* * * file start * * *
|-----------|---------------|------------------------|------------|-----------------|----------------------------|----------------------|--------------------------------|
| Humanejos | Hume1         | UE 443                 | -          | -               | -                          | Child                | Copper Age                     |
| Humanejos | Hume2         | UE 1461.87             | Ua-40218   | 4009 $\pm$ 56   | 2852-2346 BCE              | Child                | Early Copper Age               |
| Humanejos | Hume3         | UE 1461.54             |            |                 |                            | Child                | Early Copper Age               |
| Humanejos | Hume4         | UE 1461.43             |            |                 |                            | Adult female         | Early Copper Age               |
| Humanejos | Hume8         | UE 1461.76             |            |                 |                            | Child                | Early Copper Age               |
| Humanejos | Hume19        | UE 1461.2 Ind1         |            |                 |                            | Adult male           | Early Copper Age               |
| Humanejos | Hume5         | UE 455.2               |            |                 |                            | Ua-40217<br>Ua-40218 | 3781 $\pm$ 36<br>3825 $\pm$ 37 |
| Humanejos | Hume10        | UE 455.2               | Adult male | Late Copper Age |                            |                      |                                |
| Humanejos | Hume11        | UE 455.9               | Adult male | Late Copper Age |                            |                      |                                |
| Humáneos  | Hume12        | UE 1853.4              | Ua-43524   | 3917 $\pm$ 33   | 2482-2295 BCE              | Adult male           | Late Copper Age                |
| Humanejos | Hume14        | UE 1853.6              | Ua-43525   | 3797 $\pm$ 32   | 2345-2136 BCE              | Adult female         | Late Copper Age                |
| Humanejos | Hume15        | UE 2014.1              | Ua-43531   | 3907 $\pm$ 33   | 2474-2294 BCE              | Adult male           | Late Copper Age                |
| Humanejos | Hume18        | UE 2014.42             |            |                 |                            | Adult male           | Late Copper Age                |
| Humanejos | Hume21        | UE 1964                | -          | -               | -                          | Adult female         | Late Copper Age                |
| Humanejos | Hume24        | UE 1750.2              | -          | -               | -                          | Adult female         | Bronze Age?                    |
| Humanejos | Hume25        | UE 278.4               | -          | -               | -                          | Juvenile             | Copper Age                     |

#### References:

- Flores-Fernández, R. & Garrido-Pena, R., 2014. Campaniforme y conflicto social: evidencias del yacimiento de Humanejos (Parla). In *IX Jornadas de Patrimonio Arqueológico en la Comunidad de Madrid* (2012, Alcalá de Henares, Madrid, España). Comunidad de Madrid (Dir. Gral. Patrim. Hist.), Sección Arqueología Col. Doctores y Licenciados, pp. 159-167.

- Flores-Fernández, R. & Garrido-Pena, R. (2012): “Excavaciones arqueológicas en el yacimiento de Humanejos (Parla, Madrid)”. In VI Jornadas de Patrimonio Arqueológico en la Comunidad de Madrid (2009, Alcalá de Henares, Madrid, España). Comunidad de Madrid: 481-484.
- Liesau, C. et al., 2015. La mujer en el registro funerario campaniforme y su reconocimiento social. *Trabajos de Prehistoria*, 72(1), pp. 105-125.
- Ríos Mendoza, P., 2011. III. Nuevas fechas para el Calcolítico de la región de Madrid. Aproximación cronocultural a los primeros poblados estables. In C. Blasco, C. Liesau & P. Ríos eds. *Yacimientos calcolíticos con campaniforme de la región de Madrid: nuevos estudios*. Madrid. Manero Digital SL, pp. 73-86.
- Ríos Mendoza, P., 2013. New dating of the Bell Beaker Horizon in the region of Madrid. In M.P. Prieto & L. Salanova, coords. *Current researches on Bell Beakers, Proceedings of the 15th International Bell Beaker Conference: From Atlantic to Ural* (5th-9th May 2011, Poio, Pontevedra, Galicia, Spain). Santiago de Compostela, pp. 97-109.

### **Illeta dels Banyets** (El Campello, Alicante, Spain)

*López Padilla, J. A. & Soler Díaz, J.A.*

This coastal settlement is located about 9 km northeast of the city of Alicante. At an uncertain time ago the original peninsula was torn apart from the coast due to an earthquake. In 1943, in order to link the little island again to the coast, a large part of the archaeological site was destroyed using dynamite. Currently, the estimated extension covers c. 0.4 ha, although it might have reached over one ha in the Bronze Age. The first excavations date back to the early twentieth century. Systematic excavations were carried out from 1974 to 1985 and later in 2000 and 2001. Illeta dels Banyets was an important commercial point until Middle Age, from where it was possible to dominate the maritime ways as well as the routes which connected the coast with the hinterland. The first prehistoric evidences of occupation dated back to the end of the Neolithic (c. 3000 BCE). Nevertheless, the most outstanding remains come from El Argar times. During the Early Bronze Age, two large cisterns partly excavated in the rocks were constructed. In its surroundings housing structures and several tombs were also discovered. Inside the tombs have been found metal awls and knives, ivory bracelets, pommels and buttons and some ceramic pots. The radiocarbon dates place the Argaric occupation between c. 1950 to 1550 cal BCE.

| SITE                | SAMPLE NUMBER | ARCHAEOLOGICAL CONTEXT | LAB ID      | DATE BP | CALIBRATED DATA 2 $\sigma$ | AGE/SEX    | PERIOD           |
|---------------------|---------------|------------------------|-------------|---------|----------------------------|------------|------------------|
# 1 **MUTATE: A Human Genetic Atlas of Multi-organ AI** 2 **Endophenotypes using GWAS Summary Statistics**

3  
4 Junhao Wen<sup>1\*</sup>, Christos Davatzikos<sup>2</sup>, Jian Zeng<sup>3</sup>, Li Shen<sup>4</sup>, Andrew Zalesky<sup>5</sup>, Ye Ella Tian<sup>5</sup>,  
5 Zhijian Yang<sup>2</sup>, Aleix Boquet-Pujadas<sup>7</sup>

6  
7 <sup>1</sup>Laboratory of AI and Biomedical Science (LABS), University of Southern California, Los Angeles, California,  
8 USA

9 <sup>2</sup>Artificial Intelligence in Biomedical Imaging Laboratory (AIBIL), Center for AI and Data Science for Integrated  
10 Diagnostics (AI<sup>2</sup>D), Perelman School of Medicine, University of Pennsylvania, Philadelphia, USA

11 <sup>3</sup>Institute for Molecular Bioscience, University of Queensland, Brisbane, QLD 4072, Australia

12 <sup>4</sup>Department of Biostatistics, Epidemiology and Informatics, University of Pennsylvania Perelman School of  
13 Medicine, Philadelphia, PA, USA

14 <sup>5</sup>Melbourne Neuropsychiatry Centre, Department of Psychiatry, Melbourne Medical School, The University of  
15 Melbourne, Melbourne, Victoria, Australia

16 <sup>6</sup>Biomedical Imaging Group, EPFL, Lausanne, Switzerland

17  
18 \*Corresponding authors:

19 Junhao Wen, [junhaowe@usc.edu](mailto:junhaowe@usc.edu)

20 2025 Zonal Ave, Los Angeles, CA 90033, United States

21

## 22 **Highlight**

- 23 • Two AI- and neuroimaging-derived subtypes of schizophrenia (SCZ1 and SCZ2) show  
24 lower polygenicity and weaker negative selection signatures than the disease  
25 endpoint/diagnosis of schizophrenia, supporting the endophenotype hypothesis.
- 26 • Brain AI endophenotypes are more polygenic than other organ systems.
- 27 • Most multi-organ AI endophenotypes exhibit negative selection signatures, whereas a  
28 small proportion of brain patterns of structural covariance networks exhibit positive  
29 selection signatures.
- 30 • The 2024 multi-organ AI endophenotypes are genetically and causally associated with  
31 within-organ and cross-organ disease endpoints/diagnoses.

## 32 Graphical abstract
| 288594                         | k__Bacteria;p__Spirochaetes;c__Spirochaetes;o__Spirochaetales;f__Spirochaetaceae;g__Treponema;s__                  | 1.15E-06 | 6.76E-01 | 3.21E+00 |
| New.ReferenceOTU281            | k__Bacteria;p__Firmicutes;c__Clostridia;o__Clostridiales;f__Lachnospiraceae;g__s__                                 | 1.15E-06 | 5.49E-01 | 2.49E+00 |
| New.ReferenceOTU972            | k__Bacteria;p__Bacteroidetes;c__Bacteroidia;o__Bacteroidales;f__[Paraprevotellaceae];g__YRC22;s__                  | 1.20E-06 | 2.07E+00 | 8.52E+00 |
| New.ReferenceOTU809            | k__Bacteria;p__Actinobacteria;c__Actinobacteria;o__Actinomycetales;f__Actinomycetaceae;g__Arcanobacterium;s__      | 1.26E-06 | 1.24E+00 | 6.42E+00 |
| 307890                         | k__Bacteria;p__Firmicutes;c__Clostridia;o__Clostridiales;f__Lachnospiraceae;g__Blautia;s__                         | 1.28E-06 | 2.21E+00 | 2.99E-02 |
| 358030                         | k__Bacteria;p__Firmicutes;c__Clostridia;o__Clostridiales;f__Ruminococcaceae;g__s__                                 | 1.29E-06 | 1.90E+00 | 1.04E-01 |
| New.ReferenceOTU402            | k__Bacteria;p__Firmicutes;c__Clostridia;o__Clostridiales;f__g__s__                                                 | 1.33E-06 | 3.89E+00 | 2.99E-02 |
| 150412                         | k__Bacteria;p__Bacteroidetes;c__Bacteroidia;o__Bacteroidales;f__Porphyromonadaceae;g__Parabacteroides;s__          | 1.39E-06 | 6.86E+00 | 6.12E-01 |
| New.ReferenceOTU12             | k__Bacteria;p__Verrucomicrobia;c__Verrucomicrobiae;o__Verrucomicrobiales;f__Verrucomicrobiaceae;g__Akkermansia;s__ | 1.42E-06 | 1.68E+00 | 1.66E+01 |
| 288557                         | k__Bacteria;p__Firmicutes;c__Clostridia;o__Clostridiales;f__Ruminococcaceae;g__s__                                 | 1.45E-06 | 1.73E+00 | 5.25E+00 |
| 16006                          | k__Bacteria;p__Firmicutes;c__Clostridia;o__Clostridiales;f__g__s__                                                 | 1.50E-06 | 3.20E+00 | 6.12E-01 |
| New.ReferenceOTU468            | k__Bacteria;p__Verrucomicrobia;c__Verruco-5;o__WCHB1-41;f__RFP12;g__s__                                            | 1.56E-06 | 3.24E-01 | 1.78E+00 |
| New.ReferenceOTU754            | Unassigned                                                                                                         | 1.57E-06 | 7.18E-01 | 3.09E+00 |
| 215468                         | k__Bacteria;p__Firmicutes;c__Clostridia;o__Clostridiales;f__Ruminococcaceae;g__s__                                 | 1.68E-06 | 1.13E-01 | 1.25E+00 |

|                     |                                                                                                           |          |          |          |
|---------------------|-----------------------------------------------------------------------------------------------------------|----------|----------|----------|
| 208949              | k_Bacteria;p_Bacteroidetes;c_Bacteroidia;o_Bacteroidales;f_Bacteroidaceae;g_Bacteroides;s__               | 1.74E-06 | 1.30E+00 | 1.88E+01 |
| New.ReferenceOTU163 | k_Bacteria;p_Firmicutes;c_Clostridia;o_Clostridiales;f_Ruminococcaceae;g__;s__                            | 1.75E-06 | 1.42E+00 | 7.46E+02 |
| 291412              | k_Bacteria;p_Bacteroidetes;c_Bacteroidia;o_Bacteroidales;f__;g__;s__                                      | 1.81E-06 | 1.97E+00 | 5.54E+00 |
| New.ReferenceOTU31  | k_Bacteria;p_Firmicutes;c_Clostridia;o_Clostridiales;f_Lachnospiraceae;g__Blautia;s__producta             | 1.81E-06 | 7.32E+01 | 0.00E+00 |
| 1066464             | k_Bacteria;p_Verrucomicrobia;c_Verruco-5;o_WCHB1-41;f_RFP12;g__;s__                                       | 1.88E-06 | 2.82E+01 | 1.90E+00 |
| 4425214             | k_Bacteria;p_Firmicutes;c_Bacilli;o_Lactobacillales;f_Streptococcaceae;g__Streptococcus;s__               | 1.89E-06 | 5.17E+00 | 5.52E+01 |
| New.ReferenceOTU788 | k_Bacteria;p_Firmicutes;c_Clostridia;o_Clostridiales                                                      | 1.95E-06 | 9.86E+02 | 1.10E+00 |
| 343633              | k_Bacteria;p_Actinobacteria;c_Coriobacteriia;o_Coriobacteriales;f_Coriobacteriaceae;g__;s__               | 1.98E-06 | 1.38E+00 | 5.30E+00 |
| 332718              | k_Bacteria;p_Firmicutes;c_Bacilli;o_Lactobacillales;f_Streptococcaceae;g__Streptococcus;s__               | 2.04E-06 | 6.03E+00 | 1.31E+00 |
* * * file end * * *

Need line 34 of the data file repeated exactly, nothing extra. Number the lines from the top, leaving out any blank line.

7 <sup>1</sup>Laboratory of AI and Biomedical Science (LABS), University of Southern California, Los Angeles, California,  